31st Annual Tri-C JazzFest Cleveland
Haden's bass opened "Child's Play," singing with its strongly molded tone over Hart's brushes, and the pair's duet carried most of the number. Later in the set, Haden's bass deepened, adapting the tragic grandeur of a baritone singer, and Lovano began to utilize audible, sax-filtered breaths in crafting wonderfully abrasive solo statements. "Lonely Woman" was a well-received treat, with Lovano blowing snake-charmer lines and Broadbent rumbling off into surging fields of abstraction, his hands snowballing at the center of the keyboard, layering quick notes and lengthy ideas in a dense scrambling. The quartet tackled "What About You" to close the set, then returned for an encore (Haden said his wife Ruth warned him, "You gotta get out thereit's Cleveland!"), performing Haden's lyrical yet weighty ode to his former wife, "Ellen David."
Willard Jenkins introduced Patti Austin (right) by proclaiming that JazzFest "had to present at least one of the great American singers." Austin responded, albeit in a preprogrammed way, by paying tribute to one of the greatest American singers of them all, Ella Fitzgerald. Part of a packaged double-bill with pianist Ramsey Lewisa show that landed in St. Thomas and Tucson, Ariz. before this stop in ClevelandAustin impressed as much with her storytelling and humor (good-natured shots at "that bitch," Diana Krall; a call for a political Martini Party to counter the teabaggers: "Tax me, I don't careI'm drunk!") as with her singing. But the singing was forceful, growling with a sexual heat on Fats Waller's "Honeysuckle Rose," scatting mightily on "Mr. Paganini" and "How High the Moon," and rising from a husky yet stately manner on Cole Porter's "Miss Otis Regrets" to loudly testify about the scorned woman's predicament.
After an intermission, Lewis came out charging with his trio, bassist Larry Gray and drummer Leon Joyce. They charged swingingly through "Wade in the Water," before settling down to Lewis' "To Know Her Is To Love Her"Joyce displaying nice rhythmic variety, Gray quickly bowing his bass in a violin-like solothen retreating further, with Lewis alone, rendering the pretty yet propulsive ode to his wife, "Softly She Sings." From there the trio torched the thermometer, unleashing the funky "The Way She Smiles" (Lewis' piano laughing its singular chuckle), then relented once more for the lovely, layered-piano take on The Beatles' "Here, There and Everywhere." They closed with a boogieing, R&B number in the Ray Charles mode that had a large portion of the crowd clapping along and demanding an encore. Lewis didn't disappoint, returning to the stage for a requisiteyet heartily appreciatedrun through his signature number, "The In Crowd," which he followed with two equally jumping numbers.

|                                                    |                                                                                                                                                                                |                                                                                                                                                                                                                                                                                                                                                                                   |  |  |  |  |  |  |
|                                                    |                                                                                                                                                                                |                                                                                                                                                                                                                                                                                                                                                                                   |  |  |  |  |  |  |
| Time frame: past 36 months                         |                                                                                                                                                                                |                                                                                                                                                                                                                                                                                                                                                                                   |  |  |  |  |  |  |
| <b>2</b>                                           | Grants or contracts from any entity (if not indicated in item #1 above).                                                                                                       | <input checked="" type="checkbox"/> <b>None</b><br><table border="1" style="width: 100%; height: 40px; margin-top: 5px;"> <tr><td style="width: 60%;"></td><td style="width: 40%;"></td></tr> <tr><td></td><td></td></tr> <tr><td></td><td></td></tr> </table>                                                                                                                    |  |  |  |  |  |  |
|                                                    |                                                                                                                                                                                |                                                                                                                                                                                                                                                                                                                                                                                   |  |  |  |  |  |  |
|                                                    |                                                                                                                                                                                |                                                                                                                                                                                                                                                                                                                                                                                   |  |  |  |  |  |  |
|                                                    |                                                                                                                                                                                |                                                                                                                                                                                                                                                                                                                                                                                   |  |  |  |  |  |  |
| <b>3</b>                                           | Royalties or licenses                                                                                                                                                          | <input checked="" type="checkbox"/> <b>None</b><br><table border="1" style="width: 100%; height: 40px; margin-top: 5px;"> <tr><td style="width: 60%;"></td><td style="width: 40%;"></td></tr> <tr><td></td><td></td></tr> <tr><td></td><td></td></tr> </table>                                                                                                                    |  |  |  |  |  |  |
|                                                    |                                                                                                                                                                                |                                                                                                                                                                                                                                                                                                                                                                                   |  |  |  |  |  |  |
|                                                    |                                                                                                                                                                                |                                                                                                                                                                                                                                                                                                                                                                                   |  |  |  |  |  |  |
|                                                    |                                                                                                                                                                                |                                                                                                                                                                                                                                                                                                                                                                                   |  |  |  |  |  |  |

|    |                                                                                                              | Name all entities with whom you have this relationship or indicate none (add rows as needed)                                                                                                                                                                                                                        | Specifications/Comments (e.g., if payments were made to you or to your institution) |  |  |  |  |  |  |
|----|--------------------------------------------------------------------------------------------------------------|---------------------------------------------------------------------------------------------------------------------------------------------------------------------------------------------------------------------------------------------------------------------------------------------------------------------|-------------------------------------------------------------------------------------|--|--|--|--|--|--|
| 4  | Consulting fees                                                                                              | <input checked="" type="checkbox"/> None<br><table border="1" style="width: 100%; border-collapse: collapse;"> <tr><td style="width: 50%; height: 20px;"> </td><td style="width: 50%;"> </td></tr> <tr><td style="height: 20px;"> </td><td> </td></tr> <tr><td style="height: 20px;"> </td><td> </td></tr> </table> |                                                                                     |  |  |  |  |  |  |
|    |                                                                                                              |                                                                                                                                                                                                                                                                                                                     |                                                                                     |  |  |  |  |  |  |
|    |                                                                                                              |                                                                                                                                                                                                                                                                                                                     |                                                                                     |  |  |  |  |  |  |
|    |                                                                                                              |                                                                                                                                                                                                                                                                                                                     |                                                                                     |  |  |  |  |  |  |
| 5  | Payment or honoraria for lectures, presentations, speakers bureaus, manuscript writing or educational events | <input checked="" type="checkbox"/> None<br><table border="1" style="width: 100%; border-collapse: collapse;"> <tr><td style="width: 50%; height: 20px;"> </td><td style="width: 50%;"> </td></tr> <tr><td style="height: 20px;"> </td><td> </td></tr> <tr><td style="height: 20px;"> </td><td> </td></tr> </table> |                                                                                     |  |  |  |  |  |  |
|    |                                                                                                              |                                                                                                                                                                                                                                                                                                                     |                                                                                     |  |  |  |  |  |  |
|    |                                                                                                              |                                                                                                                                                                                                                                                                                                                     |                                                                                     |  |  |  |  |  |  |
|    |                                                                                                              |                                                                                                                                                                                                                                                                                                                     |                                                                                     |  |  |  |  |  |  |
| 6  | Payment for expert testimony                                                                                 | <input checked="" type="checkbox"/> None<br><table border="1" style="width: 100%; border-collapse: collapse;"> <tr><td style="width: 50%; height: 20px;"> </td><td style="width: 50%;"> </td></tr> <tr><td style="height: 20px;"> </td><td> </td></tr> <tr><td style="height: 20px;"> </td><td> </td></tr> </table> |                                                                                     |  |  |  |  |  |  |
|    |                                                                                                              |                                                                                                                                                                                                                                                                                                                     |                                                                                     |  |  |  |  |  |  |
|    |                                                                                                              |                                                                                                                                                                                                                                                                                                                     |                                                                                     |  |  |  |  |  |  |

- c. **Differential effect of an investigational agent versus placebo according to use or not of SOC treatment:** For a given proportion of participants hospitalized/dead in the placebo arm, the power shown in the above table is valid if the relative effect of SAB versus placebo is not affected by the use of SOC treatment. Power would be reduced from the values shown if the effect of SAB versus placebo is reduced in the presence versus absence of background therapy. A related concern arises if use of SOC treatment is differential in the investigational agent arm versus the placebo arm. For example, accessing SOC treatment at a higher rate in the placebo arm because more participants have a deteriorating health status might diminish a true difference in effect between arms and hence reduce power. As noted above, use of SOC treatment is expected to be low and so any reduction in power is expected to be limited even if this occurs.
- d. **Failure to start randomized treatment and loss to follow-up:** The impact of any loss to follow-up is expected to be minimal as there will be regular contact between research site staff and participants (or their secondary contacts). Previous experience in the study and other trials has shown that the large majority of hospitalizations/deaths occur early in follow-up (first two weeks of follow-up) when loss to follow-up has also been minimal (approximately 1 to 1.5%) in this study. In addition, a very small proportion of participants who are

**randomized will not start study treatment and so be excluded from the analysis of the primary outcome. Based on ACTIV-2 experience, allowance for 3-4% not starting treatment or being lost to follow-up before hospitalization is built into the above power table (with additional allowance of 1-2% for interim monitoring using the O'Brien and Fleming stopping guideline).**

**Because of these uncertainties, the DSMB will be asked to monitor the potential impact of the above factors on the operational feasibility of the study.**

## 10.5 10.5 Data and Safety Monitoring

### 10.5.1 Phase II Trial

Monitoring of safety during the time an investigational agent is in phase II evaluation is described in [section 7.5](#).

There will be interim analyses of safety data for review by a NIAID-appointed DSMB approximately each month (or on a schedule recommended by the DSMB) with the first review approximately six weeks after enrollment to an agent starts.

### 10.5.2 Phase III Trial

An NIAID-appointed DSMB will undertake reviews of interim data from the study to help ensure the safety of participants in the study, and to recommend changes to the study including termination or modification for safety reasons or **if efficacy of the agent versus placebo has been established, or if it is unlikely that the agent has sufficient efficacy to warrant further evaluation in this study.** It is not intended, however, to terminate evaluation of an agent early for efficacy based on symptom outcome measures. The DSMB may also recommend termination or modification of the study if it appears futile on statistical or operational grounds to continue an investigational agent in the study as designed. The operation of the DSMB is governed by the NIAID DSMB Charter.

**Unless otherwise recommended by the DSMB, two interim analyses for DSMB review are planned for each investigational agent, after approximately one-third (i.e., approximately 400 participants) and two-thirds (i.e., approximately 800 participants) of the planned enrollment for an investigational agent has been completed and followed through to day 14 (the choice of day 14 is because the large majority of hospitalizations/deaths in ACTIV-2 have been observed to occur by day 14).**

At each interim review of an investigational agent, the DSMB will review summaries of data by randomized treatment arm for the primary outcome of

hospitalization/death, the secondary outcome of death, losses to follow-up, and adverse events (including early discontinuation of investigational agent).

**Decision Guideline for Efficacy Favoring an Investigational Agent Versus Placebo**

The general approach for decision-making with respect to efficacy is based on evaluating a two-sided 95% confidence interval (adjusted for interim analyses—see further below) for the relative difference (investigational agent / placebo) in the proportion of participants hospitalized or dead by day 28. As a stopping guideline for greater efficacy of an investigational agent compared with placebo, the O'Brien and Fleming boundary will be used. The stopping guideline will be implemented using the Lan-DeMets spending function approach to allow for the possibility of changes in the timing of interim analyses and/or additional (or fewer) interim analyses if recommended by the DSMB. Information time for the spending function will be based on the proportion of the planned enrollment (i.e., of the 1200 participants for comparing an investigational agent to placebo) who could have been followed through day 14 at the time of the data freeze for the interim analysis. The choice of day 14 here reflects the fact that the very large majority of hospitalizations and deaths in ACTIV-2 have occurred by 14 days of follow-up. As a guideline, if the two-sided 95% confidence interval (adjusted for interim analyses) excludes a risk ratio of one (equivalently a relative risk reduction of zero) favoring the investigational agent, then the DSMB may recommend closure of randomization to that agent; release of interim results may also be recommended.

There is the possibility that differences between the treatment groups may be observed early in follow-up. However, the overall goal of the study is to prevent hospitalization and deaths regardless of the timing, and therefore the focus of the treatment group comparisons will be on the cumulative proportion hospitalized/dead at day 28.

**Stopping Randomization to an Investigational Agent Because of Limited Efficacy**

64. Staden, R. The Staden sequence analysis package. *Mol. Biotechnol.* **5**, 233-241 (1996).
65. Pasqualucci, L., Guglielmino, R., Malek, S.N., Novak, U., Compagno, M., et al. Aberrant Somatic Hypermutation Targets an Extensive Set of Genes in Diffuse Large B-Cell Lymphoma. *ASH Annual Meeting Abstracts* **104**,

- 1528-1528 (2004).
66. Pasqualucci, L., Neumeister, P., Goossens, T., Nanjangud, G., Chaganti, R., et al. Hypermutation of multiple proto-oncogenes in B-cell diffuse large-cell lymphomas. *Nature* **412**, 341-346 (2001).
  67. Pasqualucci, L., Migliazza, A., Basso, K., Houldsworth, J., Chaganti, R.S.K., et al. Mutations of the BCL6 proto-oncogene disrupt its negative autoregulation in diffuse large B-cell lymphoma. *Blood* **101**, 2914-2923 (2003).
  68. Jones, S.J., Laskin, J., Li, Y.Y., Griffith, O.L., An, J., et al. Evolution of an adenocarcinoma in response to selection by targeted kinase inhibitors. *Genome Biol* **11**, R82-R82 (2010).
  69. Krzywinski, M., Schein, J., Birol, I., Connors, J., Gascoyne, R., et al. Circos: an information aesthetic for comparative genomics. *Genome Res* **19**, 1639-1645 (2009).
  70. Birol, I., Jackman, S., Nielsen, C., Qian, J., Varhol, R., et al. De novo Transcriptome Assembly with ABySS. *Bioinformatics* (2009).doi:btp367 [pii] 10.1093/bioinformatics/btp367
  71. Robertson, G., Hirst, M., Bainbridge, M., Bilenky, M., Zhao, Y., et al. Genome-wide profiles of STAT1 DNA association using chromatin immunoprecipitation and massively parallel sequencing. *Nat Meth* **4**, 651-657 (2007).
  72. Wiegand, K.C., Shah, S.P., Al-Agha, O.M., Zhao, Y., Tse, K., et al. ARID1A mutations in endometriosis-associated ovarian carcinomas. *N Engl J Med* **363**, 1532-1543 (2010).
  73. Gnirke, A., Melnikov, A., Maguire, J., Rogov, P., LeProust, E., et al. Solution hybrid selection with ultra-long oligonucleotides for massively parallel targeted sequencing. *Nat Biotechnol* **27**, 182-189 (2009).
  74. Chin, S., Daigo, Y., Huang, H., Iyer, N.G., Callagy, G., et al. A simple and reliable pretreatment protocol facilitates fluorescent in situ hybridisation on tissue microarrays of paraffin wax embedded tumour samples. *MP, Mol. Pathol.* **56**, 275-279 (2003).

April 24: TCJF SoundWorks Plays Charlie Haden's Liberation Music Orchestra
The festival closed, as usual, at the Reese Center, with TCJF SoundWorks, the fest's "house band," now in its second year. Led by Howie Smith and bassist Glenn Homes, and composed of a host of local musicians (many also members of the Cleveland Jazz Orchestra), the group this year attacked the anthems of Charlie Haden's Liberation Music Orchestra, under the direction of the maestro himself.
Haden conducted the group from the aisle that cuts across the midpoint of the small theater, focusing mostly on the Orchestra's most recent release, Not In Our Name (Verve, 2005). Smith and Sean Jones impressed with back-bending wails into the upper register throughout the initial six numbers, which included "Not In Our Name," "Blue Anthem" and "Amazing Grace." Haden (left) stepped to the stage and took up his bass on "Silence" from The Battle of the Fallen (ECM, 1982). The orchestra then closed with "We Shall Overcome," dissecting the well-worn anthem in a myriad of solo refractions before once more returning to the collective theme. It was the kind of rabble-rousing, inspirational music that leaves an audience hungry for next year's festivities.